for National Geographic News
Industrial logging is increasingly gobbling up Africa's tropical forests, satellite data shows (see pictures).
Researchers studied 300 satellite images covering more than 1.5 million square miles (4 million square kilometers) to track the expansion of logging roads from 1976 to 2003.
The data suggests that 30 percent of forests in six central African countries are under ownership of private logging companies. Logging is the most extensive form of land use in the region.
In contrast, about 12 percent of the forests are set aside for conservation.
The new study represents the first comprehensive satellite mapping of central Africa's dense and humid forests.
(See related: "Aerial Survey Documents Africa's Last Wild Places" [August 17, 2005].)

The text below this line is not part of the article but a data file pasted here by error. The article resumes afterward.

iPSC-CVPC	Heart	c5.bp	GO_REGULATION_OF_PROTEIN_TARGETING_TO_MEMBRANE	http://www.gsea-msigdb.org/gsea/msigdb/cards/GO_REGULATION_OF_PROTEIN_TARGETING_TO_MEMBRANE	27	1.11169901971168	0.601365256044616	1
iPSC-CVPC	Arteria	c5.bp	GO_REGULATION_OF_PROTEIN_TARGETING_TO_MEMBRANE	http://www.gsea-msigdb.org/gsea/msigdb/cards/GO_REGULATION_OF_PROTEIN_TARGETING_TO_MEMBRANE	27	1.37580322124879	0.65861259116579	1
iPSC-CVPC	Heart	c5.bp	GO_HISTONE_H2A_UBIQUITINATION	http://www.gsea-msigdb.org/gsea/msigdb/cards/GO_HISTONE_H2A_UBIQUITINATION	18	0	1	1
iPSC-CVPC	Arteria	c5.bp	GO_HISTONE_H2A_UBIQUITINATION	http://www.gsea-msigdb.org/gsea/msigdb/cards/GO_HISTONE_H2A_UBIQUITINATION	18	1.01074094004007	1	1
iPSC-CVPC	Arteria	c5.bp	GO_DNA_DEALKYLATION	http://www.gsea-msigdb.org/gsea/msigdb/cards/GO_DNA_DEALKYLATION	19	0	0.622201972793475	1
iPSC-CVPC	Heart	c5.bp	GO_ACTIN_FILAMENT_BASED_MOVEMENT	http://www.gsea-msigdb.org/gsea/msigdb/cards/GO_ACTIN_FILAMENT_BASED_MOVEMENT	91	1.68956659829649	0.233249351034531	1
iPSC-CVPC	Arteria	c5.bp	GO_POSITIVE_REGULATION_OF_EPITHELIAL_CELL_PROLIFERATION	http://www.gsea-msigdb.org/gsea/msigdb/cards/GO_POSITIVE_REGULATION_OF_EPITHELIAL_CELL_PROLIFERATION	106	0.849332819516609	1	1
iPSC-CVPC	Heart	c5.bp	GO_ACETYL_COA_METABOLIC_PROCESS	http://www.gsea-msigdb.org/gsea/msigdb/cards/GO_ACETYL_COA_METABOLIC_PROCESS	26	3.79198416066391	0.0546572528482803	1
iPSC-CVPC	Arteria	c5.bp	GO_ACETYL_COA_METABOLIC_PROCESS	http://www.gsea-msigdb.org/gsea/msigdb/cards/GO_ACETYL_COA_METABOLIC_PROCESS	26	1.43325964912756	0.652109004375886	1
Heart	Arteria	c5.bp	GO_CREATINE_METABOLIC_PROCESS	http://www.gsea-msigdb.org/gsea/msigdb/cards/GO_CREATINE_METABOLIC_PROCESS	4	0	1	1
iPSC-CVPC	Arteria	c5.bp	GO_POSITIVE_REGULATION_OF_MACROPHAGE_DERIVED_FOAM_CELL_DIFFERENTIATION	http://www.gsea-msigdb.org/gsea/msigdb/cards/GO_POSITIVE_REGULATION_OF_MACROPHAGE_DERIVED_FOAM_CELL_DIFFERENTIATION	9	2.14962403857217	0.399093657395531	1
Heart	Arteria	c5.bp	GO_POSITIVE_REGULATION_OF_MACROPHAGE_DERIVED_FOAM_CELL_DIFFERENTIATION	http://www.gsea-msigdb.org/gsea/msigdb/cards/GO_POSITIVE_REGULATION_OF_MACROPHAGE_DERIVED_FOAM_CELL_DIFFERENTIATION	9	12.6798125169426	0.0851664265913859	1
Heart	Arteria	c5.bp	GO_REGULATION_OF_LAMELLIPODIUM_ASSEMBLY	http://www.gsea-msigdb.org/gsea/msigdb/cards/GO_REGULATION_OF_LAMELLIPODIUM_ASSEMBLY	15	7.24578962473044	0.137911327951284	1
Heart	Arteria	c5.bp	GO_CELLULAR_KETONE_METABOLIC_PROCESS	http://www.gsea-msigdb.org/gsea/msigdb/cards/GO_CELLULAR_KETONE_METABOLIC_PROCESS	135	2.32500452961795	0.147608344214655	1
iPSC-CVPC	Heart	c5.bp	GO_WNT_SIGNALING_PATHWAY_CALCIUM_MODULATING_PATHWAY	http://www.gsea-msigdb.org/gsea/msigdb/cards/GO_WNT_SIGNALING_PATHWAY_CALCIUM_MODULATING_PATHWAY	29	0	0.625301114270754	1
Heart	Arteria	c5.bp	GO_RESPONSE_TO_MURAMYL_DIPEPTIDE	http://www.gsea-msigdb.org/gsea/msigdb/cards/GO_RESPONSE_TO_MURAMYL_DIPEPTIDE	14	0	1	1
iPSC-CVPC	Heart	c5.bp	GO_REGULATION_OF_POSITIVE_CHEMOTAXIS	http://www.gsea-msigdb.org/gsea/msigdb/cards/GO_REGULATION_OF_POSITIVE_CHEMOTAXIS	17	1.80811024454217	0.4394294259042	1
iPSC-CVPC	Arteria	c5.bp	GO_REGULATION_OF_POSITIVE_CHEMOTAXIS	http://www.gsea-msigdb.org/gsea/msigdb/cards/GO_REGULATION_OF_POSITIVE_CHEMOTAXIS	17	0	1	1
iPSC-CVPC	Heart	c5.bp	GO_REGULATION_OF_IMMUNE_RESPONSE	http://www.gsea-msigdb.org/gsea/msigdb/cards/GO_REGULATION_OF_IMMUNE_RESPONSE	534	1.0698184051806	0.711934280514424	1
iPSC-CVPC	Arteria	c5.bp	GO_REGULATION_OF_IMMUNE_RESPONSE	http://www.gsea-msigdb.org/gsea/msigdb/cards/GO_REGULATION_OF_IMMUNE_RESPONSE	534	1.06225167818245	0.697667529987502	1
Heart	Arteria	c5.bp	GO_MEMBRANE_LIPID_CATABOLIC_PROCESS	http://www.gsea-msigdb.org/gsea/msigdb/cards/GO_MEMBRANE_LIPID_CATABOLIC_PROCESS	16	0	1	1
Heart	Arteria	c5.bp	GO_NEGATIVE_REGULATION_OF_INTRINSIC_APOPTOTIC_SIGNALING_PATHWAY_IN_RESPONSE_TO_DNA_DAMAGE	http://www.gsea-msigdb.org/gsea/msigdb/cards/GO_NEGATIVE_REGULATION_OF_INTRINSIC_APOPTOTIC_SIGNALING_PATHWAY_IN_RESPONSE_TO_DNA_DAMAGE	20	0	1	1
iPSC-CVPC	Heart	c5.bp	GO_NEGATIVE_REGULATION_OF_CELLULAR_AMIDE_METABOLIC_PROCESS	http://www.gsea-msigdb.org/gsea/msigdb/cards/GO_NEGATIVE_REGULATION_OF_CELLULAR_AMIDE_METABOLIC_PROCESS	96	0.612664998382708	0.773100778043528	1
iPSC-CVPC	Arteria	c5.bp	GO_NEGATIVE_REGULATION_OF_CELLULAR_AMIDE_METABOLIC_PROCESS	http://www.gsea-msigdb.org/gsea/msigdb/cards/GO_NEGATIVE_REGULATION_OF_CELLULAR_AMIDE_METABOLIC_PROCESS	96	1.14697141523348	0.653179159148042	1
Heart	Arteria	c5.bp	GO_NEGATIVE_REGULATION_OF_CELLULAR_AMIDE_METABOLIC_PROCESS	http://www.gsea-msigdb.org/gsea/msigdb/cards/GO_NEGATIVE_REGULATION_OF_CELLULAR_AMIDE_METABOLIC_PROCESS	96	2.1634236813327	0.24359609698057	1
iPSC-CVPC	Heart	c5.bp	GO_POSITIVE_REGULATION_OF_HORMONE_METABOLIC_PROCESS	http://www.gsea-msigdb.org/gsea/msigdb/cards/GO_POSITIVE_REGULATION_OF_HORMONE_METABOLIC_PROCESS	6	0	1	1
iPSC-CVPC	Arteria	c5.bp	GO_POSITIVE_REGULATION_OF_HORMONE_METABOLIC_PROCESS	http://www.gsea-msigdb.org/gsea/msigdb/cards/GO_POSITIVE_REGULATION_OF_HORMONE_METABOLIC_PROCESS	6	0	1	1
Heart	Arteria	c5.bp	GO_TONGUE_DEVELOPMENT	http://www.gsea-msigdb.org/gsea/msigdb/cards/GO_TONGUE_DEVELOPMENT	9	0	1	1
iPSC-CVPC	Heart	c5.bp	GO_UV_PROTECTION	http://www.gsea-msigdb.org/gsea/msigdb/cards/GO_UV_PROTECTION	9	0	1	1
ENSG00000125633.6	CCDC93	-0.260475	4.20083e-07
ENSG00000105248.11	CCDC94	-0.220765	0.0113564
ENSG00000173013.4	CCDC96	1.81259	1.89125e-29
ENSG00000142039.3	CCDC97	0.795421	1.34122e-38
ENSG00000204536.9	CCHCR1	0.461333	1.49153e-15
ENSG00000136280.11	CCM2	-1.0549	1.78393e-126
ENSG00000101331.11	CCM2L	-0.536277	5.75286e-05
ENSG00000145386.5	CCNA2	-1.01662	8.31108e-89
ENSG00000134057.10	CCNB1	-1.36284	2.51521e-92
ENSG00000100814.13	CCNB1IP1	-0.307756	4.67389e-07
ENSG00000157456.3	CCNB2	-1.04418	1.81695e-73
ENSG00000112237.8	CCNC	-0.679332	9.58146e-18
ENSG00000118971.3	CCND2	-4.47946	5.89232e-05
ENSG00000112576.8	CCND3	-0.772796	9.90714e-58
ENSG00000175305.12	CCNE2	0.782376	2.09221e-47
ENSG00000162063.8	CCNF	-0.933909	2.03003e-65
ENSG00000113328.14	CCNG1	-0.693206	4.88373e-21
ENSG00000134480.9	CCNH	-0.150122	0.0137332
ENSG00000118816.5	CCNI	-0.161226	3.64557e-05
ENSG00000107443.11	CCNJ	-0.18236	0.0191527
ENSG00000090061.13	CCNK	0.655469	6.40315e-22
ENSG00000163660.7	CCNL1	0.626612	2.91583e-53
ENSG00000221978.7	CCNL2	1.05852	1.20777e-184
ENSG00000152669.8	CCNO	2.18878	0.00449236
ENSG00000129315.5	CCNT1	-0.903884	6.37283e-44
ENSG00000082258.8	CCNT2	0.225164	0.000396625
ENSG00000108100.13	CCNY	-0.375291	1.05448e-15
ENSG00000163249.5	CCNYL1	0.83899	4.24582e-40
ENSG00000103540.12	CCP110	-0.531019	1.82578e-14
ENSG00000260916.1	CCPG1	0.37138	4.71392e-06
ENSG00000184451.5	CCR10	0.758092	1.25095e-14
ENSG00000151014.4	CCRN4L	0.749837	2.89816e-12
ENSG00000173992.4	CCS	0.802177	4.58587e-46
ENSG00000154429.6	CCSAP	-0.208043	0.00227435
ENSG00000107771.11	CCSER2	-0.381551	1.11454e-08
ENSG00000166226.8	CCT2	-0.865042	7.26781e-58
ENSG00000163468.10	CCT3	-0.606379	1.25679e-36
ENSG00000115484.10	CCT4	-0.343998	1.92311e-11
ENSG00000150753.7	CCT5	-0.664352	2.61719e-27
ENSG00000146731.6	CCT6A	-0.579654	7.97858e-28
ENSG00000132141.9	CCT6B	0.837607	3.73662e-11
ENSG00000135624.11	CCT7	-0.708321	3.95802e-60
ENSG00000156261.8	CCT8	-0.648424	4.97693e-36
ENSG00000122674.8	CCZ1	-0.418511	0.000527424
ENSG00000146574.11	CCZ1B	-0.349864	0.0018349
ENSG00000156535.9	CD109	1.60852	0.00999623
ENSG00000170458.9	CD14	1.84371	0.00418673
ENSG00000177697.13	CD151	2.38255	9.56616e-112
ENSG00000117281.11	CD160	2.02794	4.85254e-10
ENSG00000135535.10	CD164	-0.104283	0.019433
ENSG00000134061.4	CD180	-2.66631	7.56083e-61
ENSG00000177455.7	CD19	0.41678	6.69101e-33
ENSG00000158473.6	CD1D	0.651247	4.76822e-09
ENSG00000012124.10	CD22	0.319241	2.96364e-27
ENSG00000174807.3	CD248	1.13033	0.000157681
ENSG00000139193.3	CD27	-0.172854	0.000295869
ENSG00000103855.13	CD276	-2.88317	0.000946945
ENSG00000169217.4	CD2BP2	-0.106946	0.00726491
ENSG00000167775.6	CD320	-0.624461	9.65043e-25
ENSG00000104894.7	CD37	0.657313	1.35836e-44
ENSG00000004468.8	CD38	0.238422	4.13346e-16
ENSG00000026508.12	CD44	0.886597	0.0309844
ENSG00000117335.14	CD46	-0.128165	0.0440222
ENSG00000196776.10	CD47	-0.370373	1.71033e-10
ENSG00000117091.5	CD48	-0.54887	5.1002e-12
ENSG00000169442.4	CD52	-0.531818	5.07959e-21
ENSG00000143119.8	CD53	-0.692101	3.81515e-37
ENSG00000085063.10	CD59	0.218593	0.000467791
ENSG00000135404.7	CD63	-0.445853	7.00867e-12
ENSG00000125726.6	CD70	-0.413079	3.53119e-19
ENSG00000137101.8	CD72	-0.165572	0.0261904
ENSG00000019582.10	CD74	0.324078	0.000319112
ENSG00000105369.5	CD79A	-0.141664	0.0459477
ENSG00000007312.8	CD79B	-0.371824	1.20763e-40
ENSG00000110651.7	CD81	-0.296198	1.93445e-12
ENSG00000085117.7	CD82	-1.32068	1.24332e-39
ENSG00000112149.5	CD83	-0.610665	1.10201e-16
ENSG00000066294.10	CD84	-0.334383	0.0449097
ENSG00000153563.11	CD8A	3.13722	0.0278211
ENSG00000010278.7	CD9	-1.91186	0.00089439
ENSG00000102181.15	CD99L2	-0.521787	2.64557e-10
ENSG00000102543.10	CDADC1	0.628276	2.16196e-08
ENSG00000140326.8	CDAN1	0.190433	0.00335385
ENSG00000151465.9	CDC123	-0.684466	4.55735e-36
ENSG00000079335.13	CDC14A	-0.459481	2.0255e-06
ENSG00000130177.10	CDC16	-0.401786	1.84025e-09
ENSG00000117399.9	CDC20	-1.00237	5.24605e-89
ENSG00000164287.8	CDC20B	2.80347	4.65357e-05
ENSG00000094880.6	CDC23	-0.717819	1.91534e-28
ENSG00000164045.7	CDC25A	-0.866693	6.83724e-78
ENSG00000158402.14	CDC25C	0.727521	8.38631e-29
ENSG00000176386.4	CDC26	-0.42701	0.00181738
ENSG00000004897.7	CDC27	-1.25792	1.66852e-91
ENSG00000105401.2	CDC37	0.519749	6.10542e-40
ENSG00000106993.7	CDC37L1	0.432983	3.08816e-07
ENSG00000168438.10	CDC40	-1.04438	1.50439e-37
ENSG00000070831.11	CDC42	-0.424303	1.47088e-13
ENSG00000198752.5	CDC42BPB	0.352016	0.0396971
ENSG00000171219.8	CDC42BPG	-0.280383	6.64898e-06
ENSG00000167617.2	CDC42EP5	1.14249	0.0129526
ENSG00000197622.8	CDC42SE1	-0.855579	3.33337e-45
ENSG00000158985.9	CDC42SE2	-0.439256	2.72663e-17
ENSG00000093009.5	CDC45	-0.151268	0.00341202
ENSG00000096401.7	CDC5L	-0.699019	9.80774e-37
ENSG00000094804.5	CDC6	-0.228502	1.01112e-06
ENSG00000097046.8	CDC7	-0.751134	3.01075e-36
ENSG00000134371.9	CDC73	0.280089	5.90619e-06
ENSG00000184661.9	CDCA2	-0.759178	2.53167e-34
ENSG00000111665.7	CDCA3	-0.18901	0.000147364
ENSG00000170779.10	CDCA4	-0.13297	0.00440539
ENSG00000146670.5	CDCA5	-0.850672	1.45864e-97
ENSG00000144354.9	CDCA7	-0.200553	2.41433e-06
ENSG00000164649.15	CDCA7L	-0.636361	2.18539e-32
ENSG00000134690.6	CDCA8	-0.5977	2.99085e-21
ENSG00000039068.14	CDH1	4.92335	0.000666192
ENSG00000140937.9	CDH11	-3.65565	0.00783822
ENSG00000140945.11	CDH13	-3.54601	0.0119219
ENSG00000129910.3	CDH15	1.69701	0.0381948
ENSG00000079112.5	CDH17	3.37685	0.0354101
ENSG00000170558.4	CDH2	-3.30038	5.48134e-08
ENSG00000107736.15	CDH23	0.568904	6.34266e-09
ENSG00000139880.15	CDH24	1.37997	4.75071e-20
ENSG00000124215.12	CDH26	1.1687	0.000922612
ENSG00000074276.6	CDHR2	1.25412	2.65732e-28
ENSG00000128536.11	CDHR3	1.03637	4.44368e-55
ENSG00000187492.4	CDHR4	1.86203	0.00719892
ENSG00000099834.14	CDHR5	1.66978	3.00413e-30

"This is the first time we've been able to see how vast the imprint of the logging is on the landscape," said study lead author Nadine LaPorte, director of the Africa program at the Woods Hole Research Center in Falmouth, Massachusetts.
Inroads for Logging
Central Africa's tropical forests have long been considered among the most pristine on Earth.
However, there are now more than 230,000 square miles (600,000 square kilometers) of forest under logging concessions in six central African countries: Cameroon, Equatorial Guinea, Gabon, Republic of the Congo, Central African Republic, and the Democratic Republic of the Congo (see a map of the region).
The researchers mapped more than 32,000 miles (52,000 kilometers) of logging roads within this region. They found that logging roads account for 38 percent of the length of all roads in the area studied.
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